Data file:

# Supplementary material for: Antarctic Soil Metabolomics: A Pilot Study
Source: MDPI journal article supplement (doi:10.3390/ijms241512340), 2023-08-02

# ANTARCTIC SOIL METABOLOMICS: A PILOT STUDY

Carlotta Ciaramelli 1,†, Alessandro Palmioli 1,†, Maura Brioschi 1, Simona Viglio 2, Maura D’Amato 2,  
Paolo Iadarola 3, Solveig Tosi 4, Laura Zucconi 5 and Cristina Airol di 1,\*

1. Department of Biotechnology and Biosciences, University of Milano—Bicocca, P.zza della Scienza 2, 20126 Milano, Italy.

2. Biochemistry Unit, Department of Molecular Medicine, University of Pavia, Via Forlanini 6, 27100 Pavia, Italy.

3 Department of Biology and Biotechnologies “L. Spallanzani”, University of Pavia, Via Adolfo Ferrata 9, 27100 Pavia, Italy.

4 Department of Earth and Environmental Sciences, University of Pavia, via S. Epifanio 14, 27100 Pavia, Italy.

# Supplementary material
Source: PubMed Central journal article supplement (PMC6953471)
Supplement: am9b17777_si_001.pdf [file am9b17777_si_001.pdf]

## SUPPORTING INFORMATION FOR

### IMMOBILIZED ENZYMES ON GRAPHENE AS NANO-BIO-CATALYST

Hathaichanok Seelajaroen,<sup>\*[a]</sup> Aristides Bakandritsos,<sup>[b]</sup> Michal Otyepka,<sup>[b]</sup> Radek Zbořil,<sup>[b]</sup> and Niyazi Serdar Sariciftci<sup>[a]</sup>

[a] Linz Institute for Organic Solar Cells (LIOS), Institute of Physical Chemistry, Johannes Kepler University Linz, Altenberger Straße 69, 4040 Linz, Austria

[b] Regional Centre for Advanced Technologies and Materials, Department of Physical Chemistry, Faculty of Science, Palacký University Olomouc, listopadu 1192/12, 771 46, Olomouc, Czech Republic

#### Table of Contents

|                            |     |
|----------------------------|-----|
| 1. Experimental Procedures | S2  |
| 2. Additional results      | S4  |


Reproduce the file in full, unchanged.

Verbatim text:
# Supplementary material for: Antarctic Soil Metabolomics: A Pilot Study
Source: MDPI journal article supplement (doi:10.3390/ijms241512340), 2023-08-02

# ANTARCTIC SOIL METABOLOMICS: A PILOT STUDY

Carlotta Ciaramelli 1,†, Alessandro Palmioli 1,†, Maura Brioschi 1, Simona Viglio 2, Maura D’Amato 2,  
Paolo Iadarola 3, Solveig Tosi 4, Laura Zucconi 5 and Cristina Airol di 1,\*

1. Department of Biotechnology and Biosciences, University of Milano—Bicocca, P.zza della Scienza 2, 20126 Milano, Italy.

2. Biochemistry Unit, Department of Molecular Medicine, University of Pavia, Via Forlanini 6, 27100 Pavia, Italy.

3 Department of Biology and Biotechnologies “L. Spallanzani”, University of Pavia, Via Adolfo Ferrata 9, 27100 Pavia, Italy.

4 Department of Earth and Environmental Sciences, University of Pavia, via S. Epifanio 14, 27100 Pavia, Italy.

# Supplementary material
Source: PubMed Central journal article supplement (PMC6953471)
Supplement: am9b17777_si_001.pdf [file am9b17777_si_001.pdf]

## SUPPORTING INFORMATION FOR

### IMMOBILIZED ENZYMES ON GRAPHENE AS NANO-BIO-CATALYST

Hathaichanok Seelajaroen,<sup>\*[a]</sup> Aristides Bakandritsos,<sup>[b]</sup> Michal Otyepka,<sup>[b]</sup> Radek Zbořil,<sup>[b]</sup> and Niyazi Serdar Sariciftci<sup>[a]</sup>

[a] Linz Institute for Organic Solar Cells (LIOS), Institute of Physical Chemistry, Johannes Kepler University Linz, Altenberger Straße 69, 4040 Linz, Austria

[b] Regional Centre for Advanced Technologies and Materials, Department of Physical Chemistry, Faculty of Science, Palacký University Olomouc, listopadu 1192/12, 771 46, Olomouc, Czech Republic

#### Table of Contents

|                            |     |
|----------------------------|-----|
| 1. Experimental Procedures | S2  |
| 2. Additional results      | S4  |